Doubly Clean

“There is also an antitype which now saves us -? baptism (not the removal of the filth of the flesh, but the answer of a good conscience toward God), through the resurrection of Jesus Christ” (1 Peter 3:21).
Baptisms are always a great pleasure to watch. The simple beauty of the ceremony, the eternal significance of one’s obedient faith, and the joy inevitably displayed by both the baptized and the witnesses make them truly special occasions. This is especially true when one crosses culture and sees slight variations in the way baptisms are performed and in the reactions of other people. The essential mode, purpose, and prerequisites of baptism do not and must not vary, but culture and physical circumstances can and do affect the “expediencies” involved in the act.
For instance, in the high mountains of Nepal, water is scarce and deep water almost unavailable. Most baptisms are performed in small creeks running out of the mountain sides. A fairly level spot is chosen, rocks and dirt are used to make a dam, and a small temporary pool perhaps 1 to 1 ? feet deep is formed. Two men work together to baptize, with the candidate sitting down in the pool with his or her feet held under the water by one of the men while the other lowers the upper body into the water, being careful that all is immersed.
In Bangladesh, however, there are many deeper rivers, creeks, and ponds. Most baptisms are conducted with the candidate standing about chest deep in still or slowly moving water. The preacher will place his hand on the candidate’s head and gently press. The candidate then bends at the knees and lowers him/her self into the water.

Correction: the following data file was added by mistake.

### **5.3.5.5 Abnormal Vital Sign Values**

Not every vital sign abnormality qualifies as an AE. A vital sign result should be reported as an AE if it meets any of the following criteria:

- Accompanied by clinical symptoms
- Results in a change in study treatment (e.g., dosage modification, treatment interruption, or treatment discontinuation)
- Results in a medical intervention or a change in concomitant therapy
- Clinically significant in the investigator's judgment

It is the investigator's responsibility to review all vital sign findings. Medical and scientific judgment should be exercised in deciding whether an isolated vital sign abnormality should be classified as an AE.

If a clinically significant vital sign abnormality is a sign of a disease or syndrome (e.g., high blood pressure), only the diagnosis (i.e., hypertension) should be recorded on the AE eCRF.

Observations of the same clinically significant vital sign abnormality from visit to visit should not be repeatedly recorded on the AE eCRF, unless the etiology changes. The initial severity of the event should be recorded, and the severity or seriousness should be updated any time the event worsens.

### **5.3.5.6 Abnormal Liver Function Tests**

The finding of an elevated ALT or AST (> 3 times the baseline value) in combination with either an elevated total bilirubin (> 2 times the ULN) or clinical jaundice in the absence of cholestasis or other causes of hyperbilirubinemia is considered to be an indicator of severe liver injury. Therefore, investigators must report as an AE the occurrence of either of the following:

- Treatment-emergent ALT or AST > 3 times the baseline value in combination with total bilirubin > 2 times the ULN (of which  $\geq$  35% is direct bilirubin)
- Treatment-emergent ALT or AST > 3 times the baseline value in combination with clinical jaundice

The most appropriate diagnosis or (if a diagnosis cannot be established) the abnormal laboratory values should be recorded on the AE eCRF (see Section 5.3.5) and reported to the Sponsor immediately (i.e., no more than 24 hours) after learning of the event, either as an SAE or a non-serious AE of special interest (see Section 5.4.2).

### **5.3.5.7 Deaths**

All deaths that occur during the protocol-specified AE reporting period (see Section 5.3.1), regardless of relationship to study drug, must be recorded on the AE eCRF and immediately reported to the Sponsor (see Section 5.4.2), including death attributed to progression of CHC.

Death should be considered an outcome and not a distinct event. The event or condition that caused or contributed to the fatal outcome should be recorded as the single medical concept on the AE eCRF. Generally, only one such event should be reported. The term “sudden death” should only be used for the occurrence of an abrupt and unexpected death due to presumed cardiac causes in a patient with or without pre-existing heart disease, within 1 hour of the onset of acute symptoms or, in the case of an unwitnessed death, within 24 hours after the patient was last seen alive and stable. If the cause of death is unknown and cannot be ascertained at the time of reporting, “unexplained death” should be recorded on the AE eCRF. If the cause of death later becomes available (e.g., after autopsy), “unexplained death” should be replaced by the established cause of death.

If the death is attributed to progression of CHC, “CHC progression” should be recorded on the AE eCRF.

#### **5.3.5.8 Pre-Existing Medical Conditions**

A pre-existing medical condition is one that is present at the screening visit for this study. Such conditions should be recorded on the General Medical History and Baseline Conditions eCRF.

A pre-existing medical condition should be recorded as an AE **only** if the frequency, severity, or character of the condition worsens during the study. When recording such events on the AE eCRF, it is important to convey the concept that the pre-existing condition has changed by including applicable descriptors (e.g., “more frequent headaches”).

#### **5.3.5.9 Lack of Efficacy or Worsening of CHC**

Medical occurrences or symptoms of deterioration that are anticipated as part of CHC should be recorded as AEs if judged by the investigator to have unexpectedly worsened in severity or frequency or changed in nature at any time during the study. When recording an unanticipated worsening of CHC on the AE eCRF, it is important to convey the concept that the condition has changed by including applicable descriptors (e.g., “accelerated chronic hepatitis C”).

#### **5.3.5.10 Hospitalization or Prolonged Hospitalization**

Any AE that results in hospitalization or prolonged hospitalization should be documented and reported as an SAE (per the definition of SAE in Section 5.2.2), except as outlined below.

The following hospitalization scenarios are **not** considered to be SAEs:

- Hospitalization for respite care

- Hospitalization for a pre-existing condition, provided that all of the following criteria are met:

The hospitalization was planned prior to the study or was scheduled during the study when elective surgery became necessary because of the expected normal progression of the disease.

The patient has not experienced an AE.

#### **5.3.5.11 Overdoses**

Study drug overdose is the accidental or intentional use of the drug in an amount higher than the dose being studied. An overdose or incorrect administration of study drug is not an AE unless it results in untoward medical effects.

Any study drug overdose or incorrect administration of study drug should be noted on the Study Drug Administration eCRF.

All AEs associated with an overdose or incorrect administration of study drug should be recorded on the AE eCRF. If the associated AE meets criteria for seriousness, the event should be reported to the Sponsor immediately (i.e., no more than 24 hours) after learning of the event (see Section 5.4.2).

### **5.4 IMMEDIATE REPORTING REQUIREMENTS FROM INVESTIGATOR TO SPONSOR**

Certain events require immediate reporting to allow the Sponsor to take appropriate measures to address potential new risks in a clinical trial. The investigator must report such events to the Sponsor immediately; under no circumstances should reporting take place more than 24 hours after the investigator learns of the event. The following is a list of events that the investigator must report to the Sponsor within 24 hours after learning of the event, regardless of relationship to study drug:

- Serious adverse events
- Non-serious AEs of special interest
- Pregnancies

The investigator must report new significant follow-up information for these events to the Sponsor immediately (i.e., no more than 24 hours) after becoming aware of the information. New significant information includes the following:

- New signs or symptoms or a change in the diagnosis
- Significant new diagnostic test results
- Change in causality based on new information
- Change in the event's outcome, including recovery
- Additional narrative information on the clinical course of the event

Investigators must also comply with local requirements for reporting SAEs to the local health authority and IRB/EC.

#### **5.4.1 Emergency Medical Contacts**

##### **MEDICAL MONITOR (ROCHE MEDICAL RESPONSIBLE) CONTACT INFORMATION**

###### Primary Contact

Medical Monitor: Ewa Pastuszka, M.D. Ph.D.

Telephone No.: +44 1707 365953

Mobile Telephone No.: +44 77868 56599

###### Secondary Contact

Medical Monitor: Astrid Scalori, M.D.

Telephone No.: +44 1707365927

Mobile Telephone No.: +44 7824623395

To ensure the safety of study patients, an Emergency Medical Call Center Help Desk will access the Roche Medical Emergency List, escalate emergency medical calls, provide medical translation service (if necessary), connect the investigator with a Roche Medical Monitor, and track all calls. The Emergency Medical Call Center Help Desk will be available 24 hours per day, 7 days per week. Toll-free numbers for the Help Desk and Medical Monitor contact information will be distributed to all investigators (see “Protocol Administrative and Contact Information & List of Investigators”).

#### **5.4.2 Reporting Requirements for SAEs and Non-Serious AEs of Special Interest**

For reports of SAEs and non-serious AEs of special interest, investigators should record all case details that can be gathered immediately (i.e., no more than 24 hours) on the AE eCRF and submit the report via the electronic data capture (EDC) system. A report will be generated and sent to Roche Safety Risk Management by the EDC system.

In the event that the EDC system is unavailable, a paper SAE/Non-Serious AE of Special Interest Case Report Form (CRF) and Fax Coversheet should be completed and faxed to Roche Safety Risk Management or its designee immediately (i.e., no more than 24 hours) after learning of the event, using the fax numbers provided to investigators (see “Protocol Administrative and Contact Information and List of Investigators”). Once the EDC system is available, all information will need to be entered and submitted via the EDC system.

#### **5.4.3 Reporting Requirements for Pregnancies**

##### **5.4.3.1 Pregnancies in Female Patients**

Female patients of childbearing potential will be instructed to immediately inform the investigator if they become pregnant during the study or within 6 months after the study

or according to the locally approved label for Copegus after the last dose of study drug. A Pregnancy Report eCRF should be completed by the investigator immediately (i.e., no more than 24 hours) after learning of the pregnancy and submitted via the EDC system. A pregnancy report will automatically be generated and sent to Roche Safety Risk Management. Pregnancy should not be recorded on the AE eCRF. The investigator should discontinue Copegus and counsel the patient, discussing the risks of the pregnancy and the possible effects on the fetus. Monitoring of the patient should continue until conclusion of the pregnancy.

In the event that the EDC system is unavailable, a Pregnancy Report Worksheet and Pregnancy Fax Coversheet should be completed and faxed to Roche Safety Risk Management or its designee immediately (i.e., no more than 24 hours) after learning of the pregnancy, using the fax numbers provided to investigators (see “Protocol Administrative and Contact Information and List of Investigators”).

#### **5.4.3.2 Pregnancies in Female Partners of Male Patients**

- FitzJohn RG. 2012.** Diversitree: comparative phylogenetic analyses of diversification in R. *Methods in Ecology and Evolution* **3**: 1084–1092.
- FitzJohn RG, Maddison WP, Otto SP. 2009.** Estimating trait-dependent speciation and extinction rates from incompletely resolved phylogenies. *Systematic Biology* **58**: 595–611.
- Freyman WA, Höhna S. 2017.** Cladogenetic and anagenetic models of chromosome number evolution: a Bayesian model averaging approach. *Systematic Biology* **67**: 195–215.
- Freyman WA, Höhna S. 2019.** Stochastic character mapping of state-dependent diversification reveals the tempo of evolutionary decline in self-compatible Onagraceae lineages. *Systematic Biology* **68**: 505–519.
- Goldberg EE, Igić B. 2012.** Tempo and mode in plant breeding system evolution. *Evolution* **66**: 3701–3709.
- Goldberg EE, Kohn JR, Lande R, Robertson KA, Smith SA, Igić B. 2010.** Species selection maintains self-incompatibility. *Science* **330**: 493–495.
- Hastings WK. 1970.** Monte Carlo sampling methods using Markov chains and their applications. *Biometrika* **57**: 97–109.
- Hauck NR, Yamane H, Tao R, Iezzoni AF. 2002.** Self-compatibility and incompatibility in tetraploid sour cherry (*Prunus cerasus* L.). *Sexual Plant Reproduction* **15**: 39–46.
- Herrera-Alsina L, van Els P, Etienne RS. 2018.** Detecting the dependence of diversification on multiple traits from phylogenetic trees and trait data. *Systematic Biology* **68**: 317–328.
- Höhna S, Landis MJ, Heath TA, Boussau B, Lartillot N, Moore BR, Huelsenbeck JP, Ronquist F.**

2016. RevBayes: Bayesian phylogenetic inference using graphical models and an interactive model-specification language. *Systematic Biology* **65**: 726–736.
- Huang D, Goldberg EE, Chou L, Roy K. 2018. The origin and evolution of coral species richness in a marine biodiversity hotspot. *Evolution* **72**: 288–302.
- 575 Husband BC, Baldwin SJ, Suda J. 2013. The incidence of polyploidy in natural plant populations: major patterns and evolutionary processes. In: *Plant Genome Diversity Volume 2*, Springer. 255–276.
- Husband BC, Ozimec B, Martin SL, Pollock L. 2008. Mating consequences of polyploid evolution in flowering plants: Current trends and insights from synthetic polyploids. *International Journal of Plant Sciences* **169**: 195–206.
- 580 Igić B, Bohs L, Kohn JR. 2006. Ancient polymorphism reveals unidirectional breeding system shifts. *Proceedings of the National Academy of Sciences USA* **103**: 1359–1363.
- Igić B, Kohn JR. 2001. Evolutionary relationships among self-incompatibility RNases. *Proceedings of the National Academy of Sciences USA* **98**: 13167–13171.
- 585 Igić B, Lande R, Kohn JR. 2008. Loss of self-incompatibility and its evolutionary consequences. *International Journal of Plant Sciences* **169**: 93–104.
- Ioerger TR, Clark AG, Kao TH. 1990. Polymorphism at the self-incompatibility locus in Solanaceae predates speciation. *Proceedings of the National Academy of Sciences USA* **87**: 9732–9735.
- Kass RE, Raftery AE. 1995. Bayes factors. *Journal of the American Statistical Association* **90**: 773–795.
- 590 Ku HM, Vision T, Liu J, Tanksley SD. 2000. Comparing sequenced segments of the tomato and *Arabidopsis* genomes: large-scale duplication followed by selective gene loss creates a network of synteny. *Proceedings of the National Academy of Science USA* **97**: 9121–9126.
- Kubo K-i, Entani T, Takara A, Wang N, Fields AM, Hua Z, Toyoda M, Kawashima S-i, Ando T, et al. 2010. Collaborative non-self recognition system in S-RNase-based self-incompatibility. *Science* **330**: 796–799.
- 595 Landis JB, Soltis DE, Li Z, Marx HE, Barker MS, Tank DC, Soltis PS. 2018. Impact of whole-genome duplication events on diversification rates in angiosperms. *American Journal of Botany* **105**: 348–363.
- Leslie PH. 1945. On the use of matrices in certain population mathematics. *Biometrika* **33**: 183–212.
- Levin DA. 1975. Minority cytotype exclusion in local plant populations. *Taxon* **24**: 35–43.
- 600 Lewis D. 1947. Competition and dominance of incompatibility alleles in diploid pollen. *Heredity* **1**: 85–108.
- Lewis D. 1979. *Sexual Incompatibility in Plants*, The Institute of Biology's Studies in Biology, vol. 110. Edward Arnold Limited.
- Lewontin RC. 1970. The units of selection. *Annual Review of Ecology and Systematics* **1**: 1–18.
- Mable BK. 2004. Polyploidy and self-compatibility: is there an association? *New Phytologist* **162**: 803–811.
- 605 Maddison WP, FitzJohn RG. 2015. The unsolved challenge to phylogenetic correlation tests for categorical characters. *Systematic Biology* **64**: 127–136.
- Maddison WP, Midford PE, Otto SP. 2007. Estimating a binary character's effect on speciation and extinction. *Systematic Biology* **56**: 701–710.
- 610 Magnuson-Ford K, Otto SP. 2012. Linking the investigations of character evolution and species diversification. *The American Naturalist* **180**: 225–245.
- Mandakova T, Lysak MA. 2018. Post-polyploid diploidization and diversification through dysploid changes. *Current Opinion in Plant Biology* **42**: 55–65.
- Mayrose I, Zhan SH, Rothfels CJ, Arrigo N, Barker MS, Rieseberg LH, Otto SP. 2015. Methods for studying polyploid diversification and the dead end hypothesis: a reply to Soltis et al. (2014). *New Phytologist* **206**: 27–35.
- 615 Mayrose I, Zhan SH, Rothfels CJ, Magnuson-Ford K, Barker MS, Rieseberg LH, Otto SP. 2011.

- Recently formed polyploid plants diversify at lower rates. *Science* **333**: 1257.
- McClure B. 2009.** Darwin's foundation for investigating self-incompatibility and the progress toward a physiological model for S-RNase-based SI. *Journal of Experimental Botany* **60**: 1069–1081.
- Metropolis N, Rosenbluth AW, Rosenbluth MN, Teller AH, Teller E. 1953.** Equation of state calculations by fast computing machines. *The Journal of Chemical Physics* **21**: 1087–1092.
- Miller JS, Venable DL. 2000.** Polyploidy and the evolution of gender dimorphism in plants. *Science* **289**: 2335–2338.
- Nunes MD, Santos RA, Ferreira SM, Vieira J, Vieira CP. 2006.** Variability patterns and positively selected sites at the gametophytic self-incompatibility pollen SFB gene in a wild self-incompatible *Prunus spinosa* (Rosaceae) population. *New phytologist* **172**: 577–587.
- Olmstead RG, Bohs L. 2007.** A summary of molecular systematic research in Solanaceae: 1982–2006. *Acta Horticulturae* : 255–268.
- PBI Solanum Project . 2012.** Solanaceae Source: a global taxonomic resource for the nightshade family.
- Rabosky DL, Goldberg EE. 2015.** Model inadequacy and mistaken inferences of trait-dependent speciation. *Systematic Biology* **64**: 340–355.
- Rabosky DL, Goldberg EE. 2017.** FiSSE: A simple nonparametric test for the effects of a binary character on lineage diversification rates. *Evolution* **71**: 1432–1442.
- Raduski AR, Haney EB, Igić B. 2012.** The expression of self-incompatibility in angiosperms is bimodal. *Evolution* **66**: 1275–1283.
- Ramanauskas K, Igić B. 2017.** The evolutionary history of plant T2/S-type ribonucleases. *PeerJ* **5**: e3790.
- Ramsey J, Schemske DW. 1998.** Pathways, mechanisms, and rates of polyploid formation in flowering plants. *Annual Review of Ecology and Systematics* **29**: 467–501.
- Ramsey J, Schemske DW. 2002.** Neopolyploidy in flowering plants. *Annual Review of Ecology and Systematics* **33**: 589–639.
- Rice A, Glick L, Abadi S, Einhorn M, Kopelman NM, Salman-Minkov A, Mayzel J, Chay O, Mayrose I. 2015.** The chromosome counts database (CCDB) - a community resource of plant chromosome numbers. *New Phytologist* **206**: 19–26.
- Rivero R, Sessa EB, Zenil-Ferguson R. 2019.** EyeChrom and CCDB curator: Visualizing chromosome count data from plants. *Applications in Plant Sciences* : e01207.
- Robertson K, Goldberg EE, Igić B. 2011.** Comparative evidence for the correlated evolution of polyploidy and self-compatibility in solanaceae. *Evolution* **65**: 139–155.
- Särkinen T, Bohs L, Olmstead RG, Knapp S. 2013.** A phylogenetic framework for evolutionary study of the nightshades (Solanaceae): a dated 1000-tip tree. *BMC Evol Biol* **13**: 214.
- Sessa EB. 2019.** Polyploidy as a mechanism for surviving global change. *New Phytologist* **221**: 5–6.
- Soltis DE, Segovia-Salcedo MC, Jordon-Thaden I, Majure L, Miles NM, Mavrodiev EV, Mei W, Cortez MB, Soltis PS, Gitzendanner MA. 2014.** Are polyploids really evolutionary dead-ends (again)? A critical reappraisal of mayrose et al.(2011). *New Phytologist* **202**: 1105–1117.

One thing that frequently accompanies baptisms in both these countries is a thorough bath in the same water immediately after the baptism is completed. Someone in the group (on most occasions one will baptize several people at the same time) will bring a bar of soap, and there will be towels available. Each person will take advantage of the fact that they are already wet and water is available and become physically clean at the same time that their sins have been washed away. This may reflect the scarcity of opportunity for good “all-over” bathing in these countries, and, at least in Nepal, the discomfort and difficulty of bathing in the cold mountain climate. If one is already cold and wet, he may as well receive full benefit from it.
Peter notes that one might easily misunderstand the purpose and effect of baptism. It is not about bathing, or washing one’s body. It is a spiritual act that fulfills one’s faith in obedient response to the death and resurrection of Christ. There is no magic in the water. Baptism is not a work that earns one any merit or credit. It is completely symbolic, representing Jesus’ own death, burial, and resurrection (Romans 6:3-7). The power is not in the water, but in God’s grace, accessed by the believer’s obedient faith.
This is not to deny or lessen the significance of the cleansing power of baptism, however. Saul of Tarsus was commanded, “Arise and be baptized, and wash away your sins, calling on the name of the Lord” (Acts 22:16). This same man, now the Apostle Paul, later teaches, “… according to his mercy he saved us, through the washing of regeneration and renewing of the Holy Spirit” (Titus 3:5). Again, “And such were some of you. But you were washed, but you were sanctified, but you were justified in the name of the Lord Jesus and by the Spirit of our God” (1 Corintians 6:11).
There is powerful and deep cleansing in the act of baptism. Jesus’ blood scrubs our souls and spirits, removing all trace of guilt and sin. God creates within us a new person “in true righteousness and holiness” (Ephesians 4:24). No mere physical bathing with soap can touch the inner filth that condemns us to eternal damnation without Christ. But using the simple element of water to represent Jesus’ cross and grave in faithful obedience to God makes us completely and thoroughly clean. Thanks to him for his kindness and grace.

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